9. Con­tent should be very afford­able, easy to obtain, and served with an intel­li­gent rat­ing sys­tem so that qual­ity con­tent can dis­tin­guish itself from the rest.
  10. There needs to be a mute func­tion, so that with one action, all dis­tract­ing noti­fi­ca­tions can be silenced, allow­ing one to con­cen­trate on one’s cur­rent task.

The impor­tance of a com­plete solu­tion can­not be under­stated. It is essen­tial that users should be able to seam­lessly move from their tablets to their lap­tops with all their con­tent intact. This way they will be able to flex­i­bly lever­age the strengths of each platform.

I believe such an inte­grated learn­ing envi­ron­ment can ulti­mately make users smarter and more cog­ni­tively pro­duc­tive. Once Apple releases more infor­ma­tion on its new tablet, I will eval­u­ate it accord­ing to these cri­te­ria to help answer the key ques­tion, Will the Apple Tablet Sup­port or Hin­der Users Cog­ni­tive Fitness?

LucPBeaudoinDr. Luc P. Beau­doin is Adjunct Pro­fes­sor of Edu­ca­tion at Simon Fraser Uni­ver­sity. He spe­cial­izes in the­o­ret­i­cal and applied cog­ni­tive sci­ence. He has been doing research and devel­op­ment on inte­grated learn­ing envi­ron­ments since 2001. He is also doing research and devel­op­ment in the areas of cog­ni­tive fit­ness and pro­duc­tiv­ity. He was amongst the first employ­ees of two of Canada’s most suc­cess­ful high tech star­tups (as soft­ware devel­oper and writer). He has also been Assis­tant Pro­fes­sor of Mil­i­tary Psy­chol­ogy and Leadership.

Ref­er­ences:

Adler, M. J. (1927) How to read a book. New York: Touchstone.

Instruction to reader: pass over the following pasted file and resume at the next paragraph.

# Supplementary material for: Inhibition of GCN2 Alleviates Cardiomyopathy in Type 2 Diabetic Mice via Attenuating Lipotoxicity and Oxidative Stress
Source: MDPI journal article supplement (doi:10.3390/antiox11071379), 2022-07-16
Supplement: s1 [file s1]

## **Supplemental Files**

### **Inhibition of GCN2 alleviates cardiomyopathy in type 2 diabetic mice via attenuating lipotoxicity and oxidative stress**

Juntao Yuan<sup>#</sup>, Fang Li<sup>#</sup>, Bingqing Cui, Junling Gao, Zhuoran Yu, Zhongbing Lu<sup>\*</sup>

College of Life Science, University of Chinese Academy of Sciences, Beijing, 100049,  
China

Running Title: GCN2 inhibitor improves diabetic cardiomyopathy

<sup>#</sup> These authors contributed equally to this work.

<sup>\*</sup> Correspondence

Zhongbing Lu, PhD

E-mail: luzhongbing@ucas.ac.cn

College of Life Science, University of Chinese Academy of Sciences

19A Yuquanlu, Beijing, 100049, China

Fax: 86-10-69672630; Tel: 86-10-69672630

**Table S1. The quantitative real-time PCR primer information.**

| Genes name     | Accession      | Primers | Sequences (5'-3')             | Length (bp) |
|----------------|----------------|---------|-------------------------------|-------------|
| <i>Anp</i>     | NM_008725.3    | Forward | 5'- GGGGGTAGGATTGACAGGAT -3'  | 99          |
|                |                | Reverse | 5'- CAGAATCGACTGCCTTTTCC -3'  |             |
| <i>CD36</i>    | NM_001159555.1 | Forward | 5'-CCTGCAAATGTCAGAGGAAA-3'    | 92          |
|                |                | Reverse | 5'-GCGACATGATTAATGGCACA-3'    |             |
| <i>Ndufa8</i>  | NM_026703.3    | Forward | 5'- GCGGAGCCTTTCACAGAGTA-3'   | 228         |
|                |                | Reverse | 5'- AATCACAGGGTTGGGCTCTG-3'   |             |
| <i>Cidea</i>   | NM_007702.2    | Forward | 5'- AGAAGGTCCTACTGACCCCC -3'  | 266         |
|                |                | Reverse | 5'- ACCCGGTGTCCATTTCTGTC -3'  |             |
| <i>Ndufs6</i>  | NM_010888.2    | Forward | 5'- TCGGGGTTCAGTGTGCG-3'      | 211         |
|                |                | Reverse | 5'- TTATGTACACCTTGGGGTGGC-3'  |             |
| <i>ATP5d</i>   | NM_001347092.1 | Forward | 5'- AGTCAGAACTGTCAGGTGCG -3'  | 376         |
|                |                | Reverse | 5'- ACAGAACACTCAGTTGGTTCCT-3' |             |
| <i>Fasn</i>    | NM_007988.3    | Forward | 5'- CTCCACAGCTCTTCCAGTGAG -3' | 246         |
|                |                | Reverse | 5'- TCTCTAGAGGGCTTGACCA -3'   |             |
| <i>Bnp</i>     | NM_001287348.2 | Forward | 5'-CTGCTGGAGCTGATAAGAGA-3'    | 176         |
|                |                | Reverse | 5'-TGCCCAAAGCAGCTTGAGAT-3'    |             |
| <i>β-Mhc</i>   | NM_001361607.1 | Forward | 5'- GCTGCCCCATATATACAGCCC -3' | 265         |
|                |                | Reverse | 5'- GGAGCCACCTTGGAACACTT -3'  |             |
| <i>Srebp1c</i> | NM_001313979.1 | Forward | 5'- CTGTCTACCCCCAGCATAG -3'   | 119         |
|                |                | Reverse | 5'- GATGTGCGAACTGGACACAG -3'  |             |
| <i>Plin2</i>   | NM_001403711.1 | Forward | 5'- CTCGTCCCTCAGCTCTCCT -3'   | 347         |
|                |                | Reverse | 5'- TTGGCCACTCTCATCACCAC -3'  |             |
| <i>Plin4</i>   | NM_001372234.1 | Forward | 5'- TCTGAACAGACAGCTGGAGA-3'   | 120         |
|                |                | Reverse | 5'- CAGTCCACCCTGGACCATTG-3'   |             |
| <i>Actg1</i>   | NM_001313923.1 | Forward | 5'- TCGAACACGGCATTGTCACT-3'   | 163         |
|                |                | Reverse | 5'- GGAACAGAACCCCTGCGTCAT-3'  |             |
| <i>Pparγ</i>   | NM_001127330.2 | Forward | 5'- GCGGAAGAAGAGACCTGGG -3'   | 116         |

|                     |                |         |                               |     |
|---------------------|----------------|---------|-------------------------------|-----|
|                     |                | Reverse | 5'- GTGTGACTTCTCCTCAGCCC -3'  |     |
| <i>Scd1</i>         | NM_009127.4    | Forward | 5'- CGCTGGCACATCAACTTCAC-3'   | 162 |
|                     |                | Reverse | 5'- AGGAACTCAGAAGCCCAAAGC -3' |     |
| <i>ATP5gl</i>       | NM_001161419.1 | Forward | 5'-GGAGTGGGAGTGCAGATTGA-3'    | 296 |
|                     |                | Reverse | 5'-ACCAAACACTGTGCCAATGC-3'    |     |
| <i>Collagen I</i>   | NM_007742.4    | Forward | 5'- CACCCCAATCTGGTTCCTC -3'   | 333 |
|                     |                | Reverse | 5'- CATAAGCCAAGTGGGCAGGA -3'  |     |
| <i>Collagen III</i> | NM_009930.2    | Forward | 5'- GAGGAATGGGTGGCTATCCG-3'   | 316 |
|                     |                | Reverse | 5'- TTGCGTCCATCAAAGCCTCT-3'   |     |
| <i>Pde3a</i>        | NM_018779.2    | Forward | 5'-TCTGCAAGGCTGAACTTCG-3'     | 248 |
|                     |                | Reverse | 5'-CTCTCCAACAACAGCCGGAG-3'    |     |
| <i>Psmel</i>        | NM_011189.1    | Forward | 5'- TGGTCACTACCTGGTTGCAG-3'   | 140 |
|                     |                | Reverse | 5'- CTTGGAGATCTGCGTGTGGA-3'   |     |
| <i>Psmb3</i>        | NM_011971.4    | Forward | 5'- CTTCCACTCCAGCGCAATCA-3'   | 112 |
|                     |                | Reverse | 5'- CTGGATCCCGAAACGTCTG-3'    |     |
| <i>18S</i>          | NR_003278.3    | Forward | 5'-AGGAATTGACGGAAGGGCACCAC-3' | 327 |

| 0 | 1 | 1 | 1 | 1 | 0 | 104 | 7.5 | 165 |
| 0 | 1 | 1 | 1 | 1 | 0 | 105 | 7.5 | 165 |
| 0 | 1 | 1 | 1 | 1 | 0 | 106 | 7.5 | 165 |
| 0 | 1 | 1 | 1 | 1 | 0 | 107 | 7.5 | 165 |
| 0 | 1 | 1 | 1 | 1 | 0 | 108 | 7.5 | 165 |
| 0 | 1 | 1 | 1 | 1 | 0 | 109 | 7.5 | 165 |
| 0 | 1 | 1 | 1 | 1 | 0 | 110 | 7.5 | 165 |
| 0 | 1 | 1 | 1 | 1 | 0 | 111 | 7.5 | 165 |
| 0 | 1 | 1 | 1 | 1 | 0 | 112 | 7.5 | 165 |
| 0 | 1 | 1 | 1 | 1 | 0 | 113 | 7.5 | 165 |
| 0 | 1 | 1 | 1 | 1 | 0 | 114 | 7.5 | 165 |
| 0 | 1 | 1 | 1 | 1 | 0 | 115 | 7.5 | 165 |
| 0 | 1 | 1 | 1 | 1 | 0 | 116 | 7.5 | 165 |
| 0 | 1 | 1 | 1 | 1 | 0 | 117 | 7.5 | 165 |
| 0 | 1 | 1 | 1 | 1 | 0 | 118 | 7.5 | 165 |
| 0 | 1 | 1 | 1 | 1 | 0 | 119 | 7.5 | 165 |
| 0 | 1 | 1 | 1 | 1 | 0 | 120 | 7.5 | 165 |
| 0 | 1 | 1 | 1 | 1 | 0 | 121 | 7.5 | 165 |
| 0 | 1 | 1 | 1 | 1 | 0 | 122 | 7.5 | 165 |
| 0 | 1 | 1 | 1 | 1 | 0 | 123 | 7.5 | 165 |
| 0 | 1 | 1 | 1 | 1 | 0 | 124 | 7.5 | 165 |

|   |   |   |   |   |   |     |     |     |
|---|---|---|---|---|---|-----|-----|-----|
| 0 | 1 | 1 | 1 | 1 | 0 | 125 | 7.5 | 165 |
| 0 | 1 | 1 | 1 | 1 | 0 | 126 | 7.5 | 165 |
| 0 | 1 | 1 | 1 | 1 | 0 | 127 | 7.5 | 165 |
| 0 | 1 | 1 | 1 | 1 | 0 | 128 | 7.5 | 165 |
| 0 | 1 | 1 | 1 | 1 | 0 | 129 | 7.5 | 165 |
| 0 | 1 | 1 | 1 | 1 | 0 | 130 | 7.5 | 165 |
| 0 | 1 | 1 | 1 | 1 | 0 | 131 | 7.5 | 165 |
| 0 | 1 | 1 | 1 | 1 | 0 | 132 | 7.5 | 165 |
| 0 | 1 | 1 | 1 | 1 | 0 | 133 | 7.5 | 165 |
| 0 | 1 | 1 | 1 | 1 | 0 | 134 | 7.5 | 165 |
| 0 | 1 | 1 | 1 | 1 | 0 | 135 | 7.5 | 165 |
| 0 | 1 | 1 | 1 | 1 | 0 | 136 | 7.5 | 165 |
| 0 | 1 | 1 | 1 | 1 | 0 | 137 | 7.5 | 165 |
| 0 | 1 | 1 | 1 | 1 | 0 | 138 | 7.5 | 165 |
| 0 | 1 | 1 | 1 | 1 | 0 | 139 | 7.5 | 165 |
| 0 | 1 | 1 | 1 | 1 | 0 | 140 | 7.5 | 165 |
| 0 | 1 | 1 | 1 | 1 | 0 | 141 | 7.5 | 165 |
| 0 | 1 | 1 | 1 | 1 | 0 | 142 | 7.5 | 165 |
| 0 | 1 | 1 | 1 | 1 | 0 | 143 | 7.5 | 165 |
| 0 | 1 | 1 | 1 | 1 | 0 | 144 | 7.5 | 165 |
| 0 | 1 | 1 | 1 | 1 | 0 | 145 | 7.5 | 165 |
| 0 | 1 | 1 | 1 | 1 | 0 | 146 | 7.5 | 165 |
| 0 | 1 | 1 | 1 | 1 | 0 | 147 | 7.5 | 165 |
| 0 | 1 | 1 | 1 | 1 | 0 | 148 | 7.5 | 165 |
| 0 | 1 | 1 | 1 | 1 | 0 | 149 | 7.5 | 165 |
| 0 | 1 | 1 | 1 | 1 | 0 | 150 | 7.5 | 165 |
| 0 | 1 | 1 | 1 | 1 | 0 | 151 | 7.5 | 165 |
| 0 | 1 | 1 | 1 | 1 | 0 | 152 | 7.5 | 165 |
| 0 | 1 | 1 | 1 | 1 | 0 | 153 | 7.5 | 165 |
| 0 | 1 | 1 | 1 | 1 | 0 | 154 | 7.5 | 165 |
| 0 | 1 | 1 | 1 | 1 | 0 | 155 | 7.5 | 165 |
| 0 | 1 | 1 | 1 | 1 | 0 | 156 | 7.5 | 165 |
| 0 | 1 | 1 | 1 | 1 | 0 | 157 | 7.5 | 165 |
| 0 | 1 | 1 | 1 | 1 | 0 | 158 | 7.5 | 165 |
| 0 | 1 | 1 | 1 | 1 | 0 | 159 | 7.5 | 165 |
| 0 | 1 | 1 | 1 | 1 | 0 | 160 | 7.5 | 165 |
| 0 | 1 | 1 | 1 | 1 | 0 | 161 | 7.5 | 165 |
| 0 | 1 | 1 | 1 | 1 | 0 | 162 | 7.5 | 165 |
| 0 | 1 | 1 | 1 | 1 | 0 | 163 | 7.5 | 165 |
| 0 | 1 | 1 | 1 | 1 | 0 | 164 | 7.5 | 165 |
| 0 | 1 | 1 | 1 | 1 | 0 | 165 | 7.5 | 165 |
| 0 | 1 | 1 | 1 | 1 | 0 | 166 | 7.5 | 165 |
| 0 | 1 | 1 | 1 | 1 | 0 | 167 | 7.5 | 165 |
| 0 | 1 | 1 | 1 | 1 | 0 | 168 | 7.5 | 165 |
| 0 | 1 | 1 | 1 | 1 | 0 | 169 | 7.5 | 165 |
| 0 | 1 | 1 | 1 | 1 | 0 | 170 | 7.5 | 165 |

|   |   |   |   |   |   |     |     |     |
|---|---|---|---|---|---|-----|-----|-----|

Ban­dura, A. (1997). Self-efficacy: The exer­cise of con­trol. New York, NY: W.H. Freeman.

Ban­dura, A. (2001). Social cog­ni­tive the­ory: An agen­tic per­spec­tive. Annual Review of Psy­chol­ogy, 52(1), 1–26. doi: 10.1146/annurev.psych.52.1.1

Beau­doin, L., & Winne, P. (2009). nStudy: An Inter­net tool to sup­port learn­ing, col­lab­o­ra­tion and research­ing learn­ing strate­gies. Pre­sented at the CELC-2009 Cana­dian e-Learning Con­fer­ence, Van­cou­ver, BC.

Eric­s­son, K., & Kintsch, W. (1995). Long-term work­ing mem­ory, 102(2), 211–245.

Nes­bit, J. C., & Ades­ope, O. O. (2006). Learn­ing with con­cept and knowl­edge maps: A meta-analysis. Review of Edu­ca­tional Research, 76(3), 413–448. doi: 10.3102/00346543076003413

Nis­bett, R. E. (2009). Intel­li­gence and how to get it: Why schools and cul­tures count. New York, NY: W. W. Nor­ton & Company.

Perkins, D. (1995). Out­smart­ing IQ: The emerg­ing sci­ence of learn­able intel­li­gence. New York, NY: Free Press.

Ren­ear, A., DeRose, S., Mylonas, E., & van Dam, A. (1999). An out­line for a func­tional tax­on­omy of anno­ta­tion (p. 30). Prov­i­dence, RI: Brown Uni­ver­sity Schol­arly Tech­nol­ogy Group.

Roedi­ger III, H. L., & Karpicke, J. D. (2006). The power of test­ing mem­ory. Per­spec­tives on Psy­cho­log­i­cal Sci­ence, 1(3), 181–210.

Simp­son, M. L., & Nist, S. L. (1990). Text­book anno­ta­tion: An effec­tive and effi­cient study strat­egy for col­lege stu­dents. Jour­nal of Read­ing, 34(2), 122–129.

Spencer, C. (2006). Research on learn­ers pref­er­ences for read­ing from a printed text or from a com­puter screen. Jour­nal of Dis­tance Edu­ca­tion, 22(1), 33–50.

Van­Lehn, K. (1996). Cog­ni­tive skill acqui­si­tion. Annual Review of Psy­chol­ogy, 47(1), 513–539. doi: 10.1146/annurev.psych.47.1.513

Winne, P. (2006). How soft­ware tech­nolo­gies can improve research on learn­ing and bol­ster school reform. Edu­ca­tional Psy­chol­o­gist, 41(1), 5–17.